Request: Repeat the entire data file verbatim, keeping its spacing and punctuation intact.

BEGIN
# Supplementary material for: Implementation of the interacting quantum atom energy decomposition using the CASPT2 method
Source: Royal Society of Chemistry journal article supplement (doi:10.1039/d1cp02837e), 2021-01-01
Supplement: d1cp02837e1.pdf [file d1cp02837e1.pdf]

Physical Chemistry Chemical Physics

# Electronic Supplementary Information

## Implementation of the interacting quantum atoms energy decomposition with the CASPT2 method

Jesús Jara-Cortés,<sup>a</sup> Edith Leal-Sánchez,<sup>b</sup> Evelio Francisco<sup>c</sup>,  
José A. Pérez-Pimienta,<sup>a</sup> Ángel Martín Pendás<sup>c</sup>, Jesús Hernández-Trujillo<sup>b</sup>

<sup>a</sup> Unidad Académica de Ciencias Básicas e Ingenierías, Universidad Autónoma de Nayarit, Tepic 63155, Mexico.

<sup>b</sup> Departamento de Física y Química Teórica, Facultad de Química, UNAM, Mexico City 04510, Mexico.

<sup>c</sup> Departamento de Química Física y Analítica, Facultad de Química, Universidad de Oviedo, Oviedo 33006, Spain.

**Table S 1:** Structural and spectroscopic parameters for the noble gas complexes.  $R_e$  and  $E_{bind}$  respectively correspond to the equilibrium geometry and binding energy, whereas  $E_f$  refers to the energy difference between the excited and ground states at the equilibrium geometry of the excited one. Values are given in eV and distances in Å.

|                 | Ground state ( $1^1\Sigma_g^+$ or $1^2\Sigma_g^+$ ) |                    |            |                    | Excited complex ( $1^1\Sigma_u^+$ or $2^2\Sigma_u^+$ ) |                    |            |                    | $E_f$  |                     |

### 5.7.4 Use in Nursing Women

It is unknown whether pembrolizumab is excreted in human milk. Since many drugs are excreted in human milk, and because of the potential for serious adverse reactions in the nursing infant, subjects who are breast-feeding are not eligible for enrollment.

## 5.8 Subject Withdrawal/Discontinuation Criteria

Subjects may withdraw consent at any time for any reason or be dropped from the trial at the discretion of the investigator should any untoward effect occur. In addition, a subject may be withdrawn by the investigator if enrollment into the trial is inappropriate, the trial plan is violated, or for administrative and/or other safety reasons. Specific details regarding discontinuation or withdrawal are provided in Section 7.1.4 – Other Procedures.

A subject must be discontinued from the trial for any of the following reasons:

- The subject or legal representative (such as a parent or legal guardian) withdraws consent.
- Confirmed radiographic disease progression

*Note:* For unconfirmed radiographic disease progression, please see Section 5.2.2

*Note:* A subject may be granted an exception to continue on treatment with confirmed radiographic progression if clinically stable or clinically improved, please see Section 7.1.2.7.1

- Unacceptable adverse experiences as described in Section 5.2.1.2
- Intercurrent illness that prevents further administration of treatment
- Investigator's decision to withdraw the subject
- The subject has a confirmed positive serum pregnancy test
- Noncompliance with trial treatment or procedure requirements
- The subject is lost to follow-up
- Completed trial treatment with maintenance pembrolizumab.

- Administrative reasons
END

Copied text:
# Supplementary material for: Implementation of the interacting quantum atom energy decomposition using the CASPT2 method
Source: Royal Society of Chemistry journal article supplement (doi:10.1039/d1cp02837e), 2021-01-01
Supplement: d1cp02837e1.pdf [file d1cp02837e1.pdf]

Physical Chemistry Chemical Physics

# Electronic Supplementary Information

## Implementation of the interacting quantum atoms energy decomposition with the CASPT2 method

Jesús Jara-Cortés,<sup>a</sup> Edith Leal-Sánchez,<sup>b</sup> Evelio Francisco<sup>c</sup>,  
José A. Pérez-Pimienta,<sup>a</sup> Ángel Martín Pendás<sup>c</sup>, Jesús Hernández-Trujillo<sup>b</sup>

<sup>a</sup> Unidad Académica de Ciencias Básicas e Ingenierías, Universidad Autónoma de Nayarit, Tepic 63155, Mexico.

<sup>b</sup> Departamento de Física y Química Teórica, Facultad de Química, UNAM, Mexico City 04510, Mexico.

<sup>c</sup> Departamento de Química Física y Analítica, Facultad de Química, Universidad de Oviedo, Oviedo 33006, Spain.

**Table S 1:** Structural and spectroscopic parameters for the noble gas complexes.  $R_e$  and  $E_{bind}$  respectively correspond to the equilibrium geometry and binding energy, whereas  $E_f$  refers to the energy difference between the excited and ground states at the equilibrium geometry of the excited one. Values are given in eV and distances in Å.

|                 | Ground state ( $1^1\Sigma_g^+$ or $1^2\Sigma_g^+$ ) |                    |            |                    | Excited complex ( $1^1\Sigma_u^+$ or $2^2\Sigma_u^+$ ) |                    |            |                    | $E_f$  |                     |

### 5.7.4 Use in Nursing Women

It is unknown whether pembrolizumab is excreted in human milk. Since many drugs are excreted in human milk, and because of the potential for serious adverse reactions in the nursing infant, subjects who are breast-feeding are not eligible for enrollment.

## 5.8 Subject Withdrawal/Discontinuation Criteria

Subjects may withdraw consent at any time for any reason or be dropped from the trial at the discretion of the investigator should any untoward effect occur. In addition, a subject may be withdrawn by the investigator if enrollment into the trial is inappropriate, the trial plan is violated, or for administrative and/or other safety reasons. Specific details regarding discontinuation or withdrawal are provided in Section 7.1.4 – Other Procedures.

A subject must be discontinued from the trial for any of the following reasons:

- The subject or legal representative (such as a parent or legal guardian) withdraws consent.
- Confirmed radiographic disease progression

*Note:* For unconfirmed radiographic disease progression, please see Section 5.2.2

*Note:* A subject may be granted an exception to continue on treatment with confirmed radiographic progression if clinically stable or clinically improved, please see Section 7.1.2.7.1

- Unacceptable adverse experiences as described in Section 5.2.1.2
- Intercurrent illness that prevents further administration of treatment
- Investigator's decision to withdraw the subject
- The subject has a confirmed positive serum pregnancy test
- Noncompliance with trial treatment or procedure requirements
- The subject is lost to follow-up
- Completed trial treatment with maintenance pembrolizumab.

- Administrative reasons